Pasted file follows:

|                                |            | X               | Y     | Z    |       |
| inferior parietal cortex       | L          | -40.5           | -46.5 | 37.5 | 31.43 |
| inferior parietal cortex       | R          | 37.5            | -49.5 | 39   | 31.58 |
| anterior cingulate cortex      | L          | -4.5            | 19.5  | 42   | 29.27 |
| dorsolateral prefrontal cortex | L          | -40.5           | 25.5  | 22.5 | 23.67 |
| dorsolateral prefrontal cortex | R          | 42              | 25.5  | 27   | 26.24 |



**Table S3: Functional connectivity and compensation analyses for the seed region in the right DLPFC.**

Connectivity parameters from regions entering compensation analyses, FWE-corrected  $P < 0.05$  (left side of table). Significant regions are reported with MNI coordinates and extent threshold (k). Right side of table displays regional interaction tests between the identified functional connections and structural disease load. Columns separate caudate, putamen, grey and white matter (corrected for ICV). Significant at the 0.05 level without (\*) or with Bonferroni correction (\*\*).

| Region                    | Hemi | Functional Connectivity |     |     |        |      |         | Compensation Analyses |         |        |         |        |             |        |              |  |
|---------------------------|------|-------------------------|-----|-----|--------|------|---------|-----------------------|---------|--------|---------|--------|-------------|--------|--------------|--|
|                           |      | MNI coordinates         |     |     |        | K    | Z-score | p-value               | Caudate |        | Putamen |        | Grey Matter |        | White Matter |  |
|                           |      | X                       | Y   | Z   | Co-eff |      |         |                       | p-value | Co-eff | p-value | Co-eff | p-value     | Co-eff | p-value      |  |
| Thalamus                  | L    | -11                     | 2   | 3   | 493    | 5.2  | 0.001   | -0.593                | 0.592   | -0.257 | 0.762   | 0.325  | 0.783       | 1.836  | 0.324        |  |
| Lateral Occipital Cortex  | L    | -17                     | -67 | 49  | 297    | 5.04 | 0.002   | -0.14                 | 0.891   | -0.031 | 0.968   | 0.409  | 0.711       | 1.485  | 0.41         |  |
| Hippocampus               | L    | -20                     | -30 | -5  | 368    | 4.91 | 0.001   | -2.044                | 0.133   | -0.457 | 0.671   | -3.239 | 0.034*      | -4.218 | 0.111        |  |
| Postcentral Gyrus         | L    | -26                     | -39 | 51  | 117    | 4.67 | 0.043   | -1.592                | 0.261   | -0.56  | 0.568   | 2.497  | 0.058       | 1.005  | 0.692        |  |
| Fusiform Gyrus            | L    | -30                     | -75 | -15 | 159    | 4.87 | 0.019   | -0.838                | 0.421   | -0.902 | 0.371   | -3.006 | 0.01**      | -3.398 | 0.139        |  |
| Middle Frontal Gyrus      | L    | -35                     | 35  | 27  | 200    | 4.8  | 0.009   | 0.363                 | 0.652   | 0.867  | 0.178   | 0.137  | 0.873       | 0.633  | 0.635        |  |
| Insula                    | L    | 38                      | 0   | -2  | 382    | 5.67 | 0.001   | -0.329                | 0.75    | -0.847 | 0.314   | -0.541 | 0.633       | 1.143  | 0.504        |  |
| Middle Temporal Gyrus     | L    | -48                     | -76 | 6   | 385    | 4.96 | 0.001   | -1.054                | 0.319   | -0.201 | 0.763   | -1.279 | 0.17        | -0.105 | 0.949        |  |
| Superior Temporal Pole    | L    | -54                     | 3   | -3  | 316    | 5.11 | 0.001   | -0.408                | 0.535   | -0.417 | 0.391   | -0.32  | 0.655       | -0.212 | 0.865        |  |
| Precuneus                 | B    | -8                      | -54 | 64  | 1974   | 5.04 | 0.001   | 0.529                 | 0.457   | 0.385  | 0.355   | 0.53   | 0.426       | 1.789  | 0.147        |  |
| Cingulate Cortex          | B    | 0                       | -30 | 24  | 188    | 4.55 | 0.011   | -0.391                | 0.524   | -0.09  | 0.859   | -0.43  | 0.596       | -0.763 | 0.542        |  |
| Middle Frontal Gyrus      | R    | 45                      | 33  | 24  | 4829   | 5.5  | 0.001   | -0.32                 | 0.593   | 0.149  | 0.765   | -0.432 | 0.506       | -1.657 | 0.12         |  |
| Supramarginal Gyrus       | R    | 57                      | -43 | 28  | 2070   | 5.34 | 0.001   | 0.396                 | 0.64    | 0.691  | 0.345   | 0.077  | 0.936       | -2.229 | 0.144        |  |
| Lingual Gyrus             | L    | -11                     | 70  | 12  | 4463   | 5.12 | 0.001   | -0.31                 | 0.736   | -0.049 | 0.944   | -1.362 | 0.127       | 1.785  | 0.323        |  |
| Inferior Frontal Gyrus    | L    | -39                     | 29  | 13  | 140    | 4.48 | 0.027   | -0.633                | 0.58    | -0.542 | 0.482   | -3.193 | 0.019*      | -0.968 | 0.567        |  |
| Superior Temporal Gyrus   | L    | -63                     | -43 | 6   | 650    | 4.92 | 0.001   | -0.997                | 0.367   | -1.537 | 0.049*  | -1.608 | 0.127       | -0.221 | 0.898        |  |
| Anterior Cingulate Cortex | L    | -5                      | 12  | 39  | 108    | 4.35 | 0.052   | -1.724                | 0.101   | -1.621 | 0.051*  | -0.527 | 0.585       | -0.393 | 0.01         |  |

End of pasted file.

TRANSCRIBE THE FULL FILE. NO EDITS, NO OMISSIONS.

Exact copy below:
|                                |            | X               | Y     | Z    |       |
| inferior parietal cortex       | L          | -40.5           | -46.5 | 37.5 | 31.43 |
| inferior parietal cortex       | R          | 37.5            | -49.5 | 39   | 31.58 |
| anterior cingulate cortex      | L          | -4.5            | 19.5  | 42   | 29.27 |
| dorsolateral prefrontal cortex | L          | -40.5           | 25.5  | 22.5 | 23.67 |
| dorsolateral prefrontal cortex | R          | 42              | 25.5  | 27   | 26.24 |



**Table S3: Functional connectivity and compensation analyses for the seed region in the right DLPFC.**

Connectivity parameters from regions entering compensation analyses, FWE-corrected  $P < 0.05$  (left side of table). Significant regions are reported with MNI coordinates and extent threshold (k). Right side of table displays regional interaction tests between the identified functional connections and structural disease load. Columns separate caudate, putamen, grey and white matter (corrected for ICV). Significant at the 0.05 level without (\*) or with Bonferroni correction (\*\*).

| Region                    | Hemi | Functional Connectivity |     |     |        |      |         | Compensation Analyses |         |        |         |        |             |        |              |  |
|---------------------------|------|-------------------------|-----|-----|--------|------|---------|-----------------------|---------|--------|---------|--------|-------------|--------|--------------|--|
|                           |      | MNI coordinates         |     |     |        | K    | Z-score | p-value               | Caudate |        | Putamen |        | Grey Matter |        | White Matter |  |
|                           |      | X                       | Y   | Z   | Co-eff |      |         |                       | p-value | Co-eff | p-value | Co-eff | p-value     | Co-eff | p-value      |  |
| Thalamus                  | L    | -11                     | 2   | 3   | 493    | 5.2  | 0.001   | -0.593                | 0.592   | -0.257 | 0.762   | 0.325  | 0.783       | 1.836  | 0.324        |  |
| Lateral Occipital Cortex  | L    | -17                     | -67 | 49  | 297    | 5.04 | 0.002   | -0.14                 | 0.891   | -0.031 | 0.968   | 0.409  | 0.711       | 1.485  | 0.41         |  |
| Hippocampus               | L    | -20                     | -30 | -5  | 368    | 4.91 | 0.001   | -2.044                | 0.133   | -0.457 | 0.671   | -3.239 | 0.034*      | -4.218 | 0.111        |  |
| Postcentral Gyrus         | L    | -26                     | -39 | 51  | 117    | 4.67 | 0.043   | -1.592                | 0.261   | -0.56  | 0.568   | 2.497  | 0.058       | 1.005  | 0.692        |  |
| Fusiform Gyrus            | L    | -30                     | -75 | -15 | 159    | 4.87 | 0.019   | -0.838                | 0.421   | -0.902 | 0.371   | -3.006 | 0.01**      | -3.398 | 0.139        |  |
| Middle Frontal Gyrus      | L    | -35                     | 35  | 27  | 200    | 4.8  | 0.009   | 0.363                 | 0.652   | 0.867  | 0.178   | 0.137  | 0.873       | 0.633  | 0.635        |  |
| Insula                    | L    | 38                      | 0   | -2  | 382    | 5.67 | 0.001   | -0.329                | 0.75    | -0.847 | 0.314   | -0.541 | 0.633       | 1.143  | 0.504        |  |
| Middle Temporal Gyrus     | L    | -48                     | -76 | 6   | 385    | 4.96 | 0.001   | -1.054                | 0.319   | -0.201 | 0.763   | -1.279 | 0.17        | -0.105 | 0.949        |  |
| Superior Temporal Pole    | L    | -54                     | 3   | -3  | 316    | 5.11 | 0.001   | -0.408                | 0.535   | -0.417 | 0.391   | -0.32  | 0.655       | -0.212 | 0.865        |  |
| Precuneus                 | B    | -8                      | -54 | 64  | 1974   | 5.04 | 0.001   | 0.529                 | 0.457   | 0.385  | 0.355   | 0.53   | 0.426       | 1.789  | 0.147        |  |
| Cingulate Cortex          | B    | 0                       | -30 | 24  | 188    | 4.55 | 0.011   | -0.391                | 0.524   | -0.09  | 0.859   | -0.43  | 0.596       | -0.763 | 0.542        |  |
| Middle Frontal Gyrus      | R    | 45                      | 33  | 24  | 4829   | 5.5  | 0.001   | -0.32                 | 0.593   | 0.149  | 0.765   | -0.432 | 0.506       | -1.657 | 0.12         |  |
| Supramarginal Gyrus       | R    | 57                      | -43 | 28  | 2070   | 5.34 | 0.001   | 0.396                 | 0.64    | 0.691  | 0.345   | 0.077  | 0.936       | -2.229 | 0.144        |  |
| Lingual Gyrus             | L    | -11                     | 70  | 12  | 4463   | 5.12 | 0.001   | -0.31                 | 0.736   | -0.049 | 0.944   | -1.362 | 0.127       | 1.785  | 0.323        |  |
| Inferior Frontal Gyrus    | L    | -39                     | 29  | 13  | 140    | 4.48 | 0.027   | -0.633                | 0.58    | -0.542 | 0.482   | -3.193 | 0.019*      | -0.968 | 0.567        |  |
| Superior Temporal Gyrus   | L    | -63                     | -43 | 6   | 650    | 4.92 | 0.001   | -0.997                | 0.367   | -1.537 | 0.049*  | -1.608 | 0.127       | -0.221 | 0.898        |  |
| Anterior Cingulate Cortex | L    | -5                      | 12  | 39  | 108    | 4.35 | 0.052   | -1.724                | 0.101   | -1.621 | 0.051*  | -0.527 | 0.585       | -0.393 | 0.01         |  |